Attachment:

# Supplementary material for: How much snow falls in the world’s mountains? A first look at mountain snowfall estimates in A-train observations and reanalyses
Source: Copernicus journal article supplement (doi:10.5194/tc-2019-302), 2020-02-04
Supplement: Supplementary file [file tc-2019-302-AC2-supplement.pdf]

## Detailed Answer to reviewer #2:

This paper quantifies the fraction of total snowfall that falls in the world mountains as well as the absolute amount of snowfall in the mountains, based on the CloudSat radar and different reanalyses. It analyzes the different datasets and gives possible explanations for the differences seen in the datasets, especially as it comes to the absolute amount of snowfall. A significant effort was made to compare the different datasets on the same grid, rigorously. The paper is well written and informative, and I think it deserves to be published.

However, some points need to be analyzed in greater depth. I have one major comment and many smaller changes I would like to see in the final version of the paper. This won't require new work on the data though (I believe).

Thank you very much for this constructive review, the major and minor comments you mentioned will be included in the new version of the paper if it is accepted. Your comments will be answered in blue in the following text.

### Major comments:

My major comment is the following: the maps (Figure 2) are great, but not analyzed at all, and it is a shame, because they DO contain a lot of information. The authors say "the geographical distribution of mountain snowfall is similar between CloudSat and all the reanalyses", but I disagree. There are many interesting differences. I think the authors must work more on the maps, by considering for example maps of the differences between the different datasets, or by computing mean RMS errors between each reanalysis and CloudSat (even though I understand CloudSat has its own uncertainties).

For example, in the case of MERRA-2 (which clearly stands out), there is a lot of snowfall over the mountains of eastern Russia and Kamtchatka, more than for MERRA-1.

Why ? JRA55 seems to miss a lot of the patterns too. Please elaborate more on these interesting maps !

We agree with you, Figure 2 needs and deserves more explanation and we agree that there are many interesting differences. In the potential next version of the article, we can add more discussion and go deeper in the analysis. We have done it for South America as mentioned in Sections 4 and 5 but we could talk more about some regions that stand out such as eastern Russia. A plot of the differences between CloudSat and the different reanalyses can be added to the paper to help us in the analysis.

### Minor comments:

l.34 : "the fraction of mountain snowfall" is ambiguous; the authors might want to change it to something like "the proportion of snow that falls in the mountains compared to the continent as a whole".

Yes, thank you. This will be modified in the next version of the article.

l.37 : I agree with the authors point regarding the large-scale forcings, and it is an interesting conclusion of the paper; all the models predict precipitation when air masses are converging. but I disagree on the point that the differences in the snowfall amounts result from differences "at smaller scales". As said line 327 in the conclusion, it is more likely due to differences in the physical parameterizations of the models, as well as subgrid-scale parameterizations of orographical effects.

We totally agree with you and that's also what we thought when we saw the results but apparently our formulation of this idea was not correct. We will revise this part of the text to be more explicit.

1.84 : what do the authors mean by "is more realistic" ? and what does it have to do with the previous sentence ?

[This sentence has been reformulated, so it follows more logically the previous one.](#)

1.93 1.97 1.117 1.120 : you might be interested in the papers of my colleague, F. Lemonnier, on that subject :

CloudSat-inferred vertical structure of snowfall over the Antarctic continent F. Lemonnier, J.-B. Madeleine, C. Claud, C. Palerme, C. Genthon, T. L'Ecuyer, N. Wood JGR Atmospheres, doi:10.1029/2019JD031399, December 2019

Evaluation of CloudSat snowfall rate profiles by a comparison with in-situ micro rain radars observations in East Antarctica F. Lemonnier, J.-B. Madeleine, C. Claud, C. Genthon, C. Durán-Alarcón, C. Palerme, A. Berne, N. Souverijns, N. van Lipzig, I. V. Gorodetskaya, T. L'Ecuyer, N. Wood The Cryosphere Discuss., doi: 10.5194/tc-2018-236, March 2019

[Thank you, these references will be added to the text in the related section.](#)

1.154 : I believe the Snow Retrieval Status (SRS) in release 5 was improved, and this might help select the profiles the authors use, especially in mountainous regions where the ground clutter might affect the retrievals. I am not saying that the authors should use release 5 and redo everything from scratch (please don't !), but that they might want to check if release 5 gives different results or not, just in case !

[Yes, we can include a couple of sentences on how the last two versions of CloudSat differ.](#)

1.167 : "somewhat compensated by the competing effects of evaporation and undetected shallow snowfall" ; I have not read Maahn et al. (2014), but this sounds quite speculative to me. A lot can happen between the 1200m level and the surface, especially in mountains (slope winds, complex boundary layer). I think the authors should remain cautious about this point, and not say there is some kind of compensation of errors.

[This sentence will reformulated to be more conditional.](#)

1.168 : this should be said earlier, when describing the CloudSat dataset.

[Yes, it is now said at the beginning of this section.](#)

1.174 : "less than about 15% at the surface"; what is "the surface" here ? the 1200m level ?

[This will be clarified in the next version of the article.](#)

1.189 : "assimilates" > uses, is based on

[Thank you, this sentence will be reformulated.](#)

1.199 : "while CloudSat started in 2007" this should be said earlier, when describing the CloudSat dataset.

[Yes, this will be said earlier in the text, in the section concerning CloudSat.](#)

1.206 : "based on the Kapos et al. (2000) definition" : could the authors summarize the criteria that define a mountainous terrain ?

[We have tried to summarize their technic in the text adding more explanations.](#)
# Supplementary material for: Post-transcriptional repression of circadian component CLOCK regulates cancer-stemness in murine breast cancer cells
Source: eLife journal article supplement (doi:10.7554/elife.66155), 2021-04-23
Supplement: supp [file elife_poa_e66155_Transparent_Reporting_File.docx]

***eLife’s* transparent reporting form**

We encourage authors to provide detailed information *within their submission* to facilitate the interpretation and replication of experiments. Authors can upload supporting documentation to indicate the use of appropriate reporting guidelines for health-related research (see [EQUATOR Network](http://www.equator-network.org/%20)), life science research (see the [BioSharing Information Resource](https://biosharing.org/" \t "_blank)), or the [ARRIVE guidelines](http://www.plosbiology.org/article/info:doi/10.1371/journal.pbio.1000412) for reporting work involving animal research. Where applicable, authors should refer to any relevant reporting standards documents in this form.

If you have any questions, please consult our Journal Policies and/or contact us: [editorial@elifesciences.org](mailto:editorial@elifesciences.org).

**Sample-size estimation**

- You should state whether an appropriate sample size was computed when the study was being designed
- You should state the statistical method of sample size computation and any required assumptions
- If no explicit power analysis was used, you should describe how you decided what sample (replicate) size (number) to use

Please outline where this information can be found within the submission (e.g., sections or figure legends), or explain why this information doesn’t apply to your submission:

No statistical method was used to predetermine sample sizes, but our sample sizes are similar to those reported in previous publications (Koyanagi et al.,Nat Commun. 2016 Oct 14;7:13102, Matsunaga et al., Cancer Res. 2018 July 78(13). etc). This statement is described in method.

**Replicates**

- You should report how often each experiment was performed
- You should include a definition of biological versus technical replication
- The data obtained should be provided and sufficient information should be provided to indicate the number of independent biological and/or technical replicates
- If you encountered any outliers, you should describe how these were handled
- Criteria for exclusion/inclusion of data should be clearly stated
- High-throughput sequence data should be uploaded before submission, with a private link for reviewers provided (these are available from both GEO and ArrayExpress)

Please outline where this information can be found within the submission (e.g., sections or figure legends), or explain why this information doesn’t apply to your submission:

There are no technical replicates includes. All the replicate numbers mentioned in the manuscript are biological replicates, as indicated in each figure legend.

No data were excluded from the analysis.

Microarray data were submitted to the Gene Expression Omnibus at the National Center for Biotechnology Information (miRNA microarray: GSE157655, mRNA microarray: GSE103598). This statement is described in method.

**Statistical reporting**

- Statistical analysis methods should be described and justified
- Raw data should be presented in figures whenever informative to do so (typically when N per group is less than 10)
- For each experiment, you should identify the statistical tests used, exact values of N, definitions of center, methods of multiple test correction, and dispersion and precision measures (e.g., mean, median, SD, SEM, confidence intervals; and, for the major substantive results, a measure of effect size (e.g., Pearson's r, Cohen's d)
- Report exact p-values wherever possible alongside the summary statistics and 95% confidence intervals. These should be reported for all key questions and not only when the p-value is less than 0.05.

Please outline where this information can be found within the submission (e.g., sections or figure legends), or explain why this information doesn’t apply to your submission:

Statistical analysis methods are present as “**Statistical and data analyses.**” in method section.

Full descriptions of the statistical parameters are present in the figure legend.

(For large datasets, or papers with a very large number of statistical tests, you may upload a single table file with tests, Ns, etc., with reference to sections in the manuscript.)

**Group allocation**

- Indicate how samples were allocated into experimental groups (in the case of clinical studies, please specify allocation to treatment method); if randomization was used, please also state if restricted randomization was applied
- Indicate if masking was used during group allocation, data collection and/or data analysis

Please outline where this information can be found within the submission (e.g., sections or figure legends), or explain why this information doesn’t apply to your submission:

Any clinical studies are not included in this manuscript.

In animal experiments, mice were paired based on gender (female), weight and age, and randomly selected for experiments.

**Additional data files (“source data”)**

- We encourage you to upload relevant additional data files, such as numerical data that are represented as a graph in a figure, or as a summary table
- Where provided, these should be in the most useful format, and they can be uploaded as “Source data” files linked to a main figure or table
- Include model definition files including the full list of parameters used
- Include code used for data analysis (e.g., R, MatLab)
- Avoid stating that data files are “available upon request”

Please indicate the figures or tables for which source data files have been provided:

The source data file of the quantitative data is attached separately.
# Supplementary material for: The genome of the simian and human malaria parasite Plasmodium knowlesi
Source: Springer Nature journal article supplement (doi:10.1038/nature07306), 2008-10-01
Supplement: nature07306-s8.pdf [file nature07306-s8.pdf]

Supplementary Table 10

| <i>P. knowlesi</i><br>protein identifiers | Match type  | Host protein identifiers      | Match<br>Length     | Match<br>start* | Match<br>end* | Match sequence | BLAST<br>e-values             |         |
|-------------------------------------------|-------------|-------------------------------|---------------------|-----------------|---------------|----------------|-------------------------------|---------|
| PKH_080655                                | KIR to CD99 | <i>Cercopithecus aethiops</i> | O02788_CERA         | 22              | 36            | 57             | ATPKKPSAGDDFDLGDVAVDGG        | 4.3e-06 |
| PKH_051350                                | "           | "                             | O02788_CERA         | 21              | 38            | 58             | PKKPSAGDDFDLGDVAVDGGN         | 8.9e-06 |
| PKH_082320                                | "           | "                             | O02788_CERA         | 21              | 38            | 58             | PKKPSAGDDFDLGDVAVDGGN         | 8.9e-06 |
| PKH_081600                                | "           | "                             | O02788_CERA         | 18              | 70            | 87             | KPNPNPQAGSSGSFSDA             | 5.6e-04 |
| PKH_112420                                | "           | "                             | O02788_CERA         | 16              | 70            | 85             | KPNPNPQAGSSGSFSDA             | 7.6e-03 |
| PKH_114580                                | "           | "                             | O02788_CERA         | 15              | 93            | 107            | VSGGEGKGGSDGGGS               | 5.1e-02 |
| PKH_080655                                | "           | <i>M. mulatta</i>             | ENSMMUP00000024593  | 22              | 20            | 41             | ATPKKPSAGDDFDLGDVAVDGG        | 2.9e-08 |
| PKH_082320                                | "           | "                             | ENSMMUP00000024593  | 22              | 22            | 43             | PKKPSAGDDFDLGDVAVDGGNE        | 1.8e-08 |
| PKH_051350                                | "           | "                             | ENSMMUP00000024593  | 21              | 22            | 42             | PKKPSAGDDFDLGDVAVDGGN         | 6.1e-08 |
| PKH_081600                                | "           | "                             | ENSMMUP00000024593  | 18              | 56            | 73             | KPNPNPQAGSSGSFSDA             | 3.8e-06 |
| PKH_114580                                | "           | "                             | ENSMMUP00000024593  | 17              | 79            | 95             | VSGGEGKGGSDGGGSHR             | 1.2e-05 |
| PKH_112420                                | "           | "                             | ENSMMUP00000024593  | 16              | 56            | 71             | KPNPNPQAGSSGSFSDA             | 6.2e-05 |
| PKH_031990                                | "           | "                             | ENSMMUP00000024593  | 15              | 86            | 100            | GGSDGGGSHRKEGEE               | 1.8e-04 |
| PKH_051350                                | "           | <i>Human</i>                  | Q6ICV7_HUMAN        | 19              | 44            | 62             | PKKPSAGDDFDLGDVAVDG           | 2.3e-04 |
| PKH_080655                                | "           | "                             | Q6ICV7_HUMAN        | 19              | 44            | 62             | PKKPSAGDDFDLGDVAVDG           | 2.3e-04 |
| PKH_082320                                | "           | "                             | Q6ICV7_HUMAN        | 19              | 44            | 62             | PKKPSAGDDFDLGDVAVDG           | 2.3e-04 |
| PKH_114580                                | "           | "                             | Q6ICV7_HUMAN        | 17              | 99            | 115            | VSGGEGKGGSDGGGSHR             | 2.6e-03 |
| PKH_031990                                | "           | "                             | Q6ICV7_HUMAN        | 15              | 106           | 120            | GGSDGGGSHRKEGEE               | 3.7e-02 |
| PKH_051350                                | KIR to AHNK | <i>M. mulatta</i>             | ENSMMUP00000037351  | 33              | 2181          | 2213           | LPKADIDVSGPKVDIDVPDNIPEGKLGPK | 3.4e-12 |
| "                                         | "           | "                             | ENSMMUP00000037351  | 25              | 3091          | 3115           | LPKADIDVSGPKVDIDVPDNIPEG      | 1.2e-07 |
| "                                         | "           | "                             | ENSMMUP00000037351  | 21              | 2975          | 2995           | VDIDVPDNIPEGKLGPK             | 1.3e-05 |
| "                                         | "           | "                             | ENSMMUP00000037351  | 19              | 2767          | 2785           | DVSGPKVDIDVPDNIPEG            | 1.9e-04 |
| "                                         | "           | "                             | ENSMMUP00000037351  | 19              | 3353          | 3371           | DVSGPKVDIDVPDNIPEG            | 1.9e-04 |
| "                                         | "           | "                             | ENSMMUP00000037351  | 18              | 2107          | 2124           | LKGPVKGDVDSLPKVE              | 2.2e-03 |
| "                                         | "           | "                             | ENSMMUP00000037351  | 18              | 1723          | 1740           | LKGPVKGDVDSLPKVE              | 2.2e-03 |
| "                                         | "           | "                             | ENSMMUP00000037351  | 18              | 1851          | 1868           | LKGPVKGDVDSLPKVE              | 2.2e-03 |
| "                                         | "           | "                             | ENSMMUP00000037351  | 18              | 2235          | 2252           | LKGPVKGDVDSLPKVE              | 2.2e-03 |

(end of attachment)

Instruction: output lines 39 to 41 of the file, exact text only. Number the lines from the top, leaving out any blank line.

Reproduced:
Source: eLife journal article supplement (doi:10.7554/elife.66155), 2021-04-23
Supplement: supp [file elife_poa_e66155_Transparent_Reporting_File.docx]

***eLife’s* transparent reporting form**